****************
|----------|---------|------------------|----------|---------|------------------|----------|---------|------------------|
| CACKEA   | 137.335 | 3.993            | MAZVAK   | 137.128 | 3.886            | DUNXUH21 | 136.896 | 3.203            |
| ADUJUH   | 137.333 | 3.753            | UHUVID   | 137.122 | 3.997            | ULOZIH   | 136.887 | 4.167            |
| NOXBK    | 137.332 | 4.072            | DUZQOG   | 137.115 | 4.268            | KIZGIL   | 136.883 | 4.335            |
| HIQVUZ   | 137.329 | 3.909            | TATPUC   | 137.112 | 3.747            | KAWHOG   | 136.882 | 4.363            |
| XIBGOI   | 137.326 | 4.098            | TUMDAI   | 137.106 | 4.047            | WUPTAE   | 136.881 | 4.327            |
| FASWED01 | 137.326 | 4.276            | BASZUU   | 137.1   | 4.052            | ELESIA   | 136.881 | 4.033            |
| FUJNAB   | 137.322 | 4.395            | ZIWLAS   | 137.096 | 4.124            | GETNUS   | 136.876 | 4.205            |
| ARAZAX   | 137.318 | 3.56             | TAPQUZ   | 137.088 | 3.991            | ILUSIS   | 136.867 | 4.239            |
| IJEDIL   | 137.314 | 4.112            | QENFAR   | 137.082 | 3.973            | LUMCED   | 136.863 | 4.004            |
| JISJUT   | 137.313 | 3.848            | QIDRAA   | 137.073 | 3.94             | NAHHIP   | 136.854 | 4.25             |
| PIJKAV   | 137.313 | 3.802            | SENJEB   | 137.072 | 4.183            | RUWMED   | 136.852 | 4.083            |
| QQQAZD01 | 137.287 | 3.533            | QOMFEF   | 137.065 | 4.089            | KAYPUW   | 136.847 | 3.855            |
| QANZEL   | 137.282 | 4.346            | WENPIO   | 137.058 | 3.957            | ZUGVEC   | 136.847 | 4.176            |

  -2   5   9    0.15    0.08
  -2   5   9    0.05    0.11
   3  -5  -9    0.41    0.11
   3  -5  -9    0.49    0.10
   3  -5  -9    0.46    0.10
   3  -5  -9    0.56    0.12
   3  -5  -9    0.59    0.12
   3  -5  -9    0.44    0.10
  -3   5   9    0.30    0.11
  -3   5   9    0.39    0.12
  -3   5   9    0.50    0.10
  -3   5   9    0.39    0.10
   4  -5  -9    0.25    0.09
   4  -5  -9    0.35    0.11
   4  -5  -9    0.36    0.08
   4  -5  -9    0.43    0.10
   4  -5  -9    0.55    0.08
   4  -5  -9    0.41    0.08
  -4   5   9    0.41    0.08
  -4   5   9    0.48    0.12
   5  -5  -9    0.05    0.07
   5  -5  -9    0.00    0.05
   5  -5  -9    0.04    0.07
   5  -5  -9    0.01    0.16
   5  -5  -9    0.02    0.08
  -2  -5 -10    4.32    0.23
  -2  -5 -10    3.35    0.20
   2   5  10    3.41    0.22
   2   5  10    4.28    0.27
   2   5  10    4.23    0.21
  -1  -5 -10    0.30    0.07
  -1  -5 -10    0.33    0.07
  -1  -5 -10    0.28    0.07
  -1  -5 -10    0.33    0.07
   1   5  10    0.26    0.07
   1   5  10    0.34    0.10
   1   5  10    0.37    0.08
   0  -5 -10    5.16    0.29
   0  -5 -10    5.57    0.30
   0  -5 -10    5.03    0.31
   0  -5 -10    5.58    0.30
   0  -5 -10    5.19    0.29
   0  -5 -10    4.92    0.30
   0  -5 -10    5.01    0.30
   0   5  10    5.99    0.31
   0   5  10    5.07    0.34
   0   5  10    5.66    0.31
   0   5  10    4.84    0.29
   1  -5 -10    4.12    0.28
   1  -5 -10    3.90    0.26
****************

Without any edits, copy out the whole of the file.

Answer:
|----------|---------|------------------|----------|---------|------------------|----------|---------|------------------|
| CACKEA   | 137.335 | 3.993            | MAZVAK   | 137.128 | 3.886            | DUNXUH21 | 136.896 | 3.203            |
| ADUJUH   | 137.333 | 3.753            | UHUVID   | 137.122 | 3.997            | ULOZIH   | 136.887 | 4.167            |
| NOXBK    | 137.332 | 4.072            | DUZQOG   | 137.115 | 4.268            | KIZGIL   | 136.883 | 4.335            |
| HIQVUZ   | 137.329 | 3.909            | TATPUC   | 137.112 | 3.747            | KAWHOG   | 136.882 | 4.363            |
| XIBGOI   | 137.326 | 4.098            | TUMDAI   | 137.106 | 4.047            | WUPTAE   | 136.881 | 4.327            |
| FASWED01 | 137.326 | 4.276            | BASZUU   | 137.1   | 4.052            | ELESIA   | 136.881 | 4.033            |
| FUJNAB   | 137.322 | 4.395            | ZIWLAS   | 137.096 | 4.124            | GETNUS   | 136.876 | 4.205            |
| ARAZAX   | 137.318 | 3.56             | TAPQUZ   | 137.088 | 3.991            | ILUSIS   | 136.867 | 4.239            |
| IJEDIL   | 137.314 | 4.112            | QENFAR   | 137.082 | 3.973            | LUMCED   | 136.863 | 4.004            |
| JISJUT   | 137.313 | 3.848            | QIDRAA   | 137.073 | 3.94             | NAHHIP   | 136.854 | 4.25             |
| PIJKAV   | 137.313 | 3.802            | SENJEB   | 137.072 | 4.183            | RUWMED   | 136.852 | 4.083            |
| QQQAZD01 | 137.287 | 3.533            | QOMFEF   | 137.065 | 4.089            | KAYPUW   | 136.847 | 3.855            |
| QANZEL   | 137.282 | 4.346            | WENPIO   | 137.058 | 3.957            | ZUGVEC   | 136.847 | 4.176            |

  -2   5   9    0.15    0.08
  -2   5   9    0.05    0.11
   3  -5  -9    0.41    0.11
   3  -5  -9    0.49    0.10
   3  -5  -9    0.46    0.10
   3  -5  -9    0.56    0.12
   3  -5  -9    0.59    0.12
   3  -5  -9    0.44    0.10
  -3   5   9    0.30    0.11
  -3   5   9    0.39    0.12
  -3   5   9    0.50    0.10
  -3   5   9    0.39    0.10
   4  -5  -9    0.25    0.09
   4  -5  -9    0.35    0.11
   4  -5  -9    0.36    0.08
   4  -5  -9    0.43    0.10
   4  -5  -9    0.55    0.08
   4  -5  -9    0.41    0.08
  -4   5   9    0.41    0.08
  -4   5   9    0.48    0.12
   5  -5  -9    0.05    0.07
   5  -5  -9    0.00    0.05
   5  -5  -9    0.04    0.07
   5  -5  -9    0.01    0.16
   5  -5  -9    0.02    0.08
  -2  -5 -10    4.32    0.23
  -2  -5 -10    3.35    0.20
   2   5  10    3.41    0.22
   2   5  10    4.28    0.27
   2   5  10    4.23    0.21
  -1  -5 -10    0.30    0.07
  -1  -5 -10    0.33    0.07
  -1  -5 -10    0.28    0.07
  -1  -5 -10    0.33    0.07
   1   5  10    0.26    0.07
   1   5  10    0.34    0.10
   1   5  10    0.37    0.08
   0  -5 -10    5.16    0.29
   0  -5 -10    5.57    0.30
   0  -5 -10    5.03    0.31
   0  -5 -10    5.58    0.30
   0  -5 -10    5.19    0.29
   0  -5 -10    4.92    0.30
   0  -5 -10    5.01    0.30
   0   5  10    5.99    0.31
   0   5  10    5.07    0.34
   0   5  10    5.66    0.31
   0   5  10    4.84    0.29
   1  -5 -10    4.12    0.28
   1  -5 -10    3.90    0.26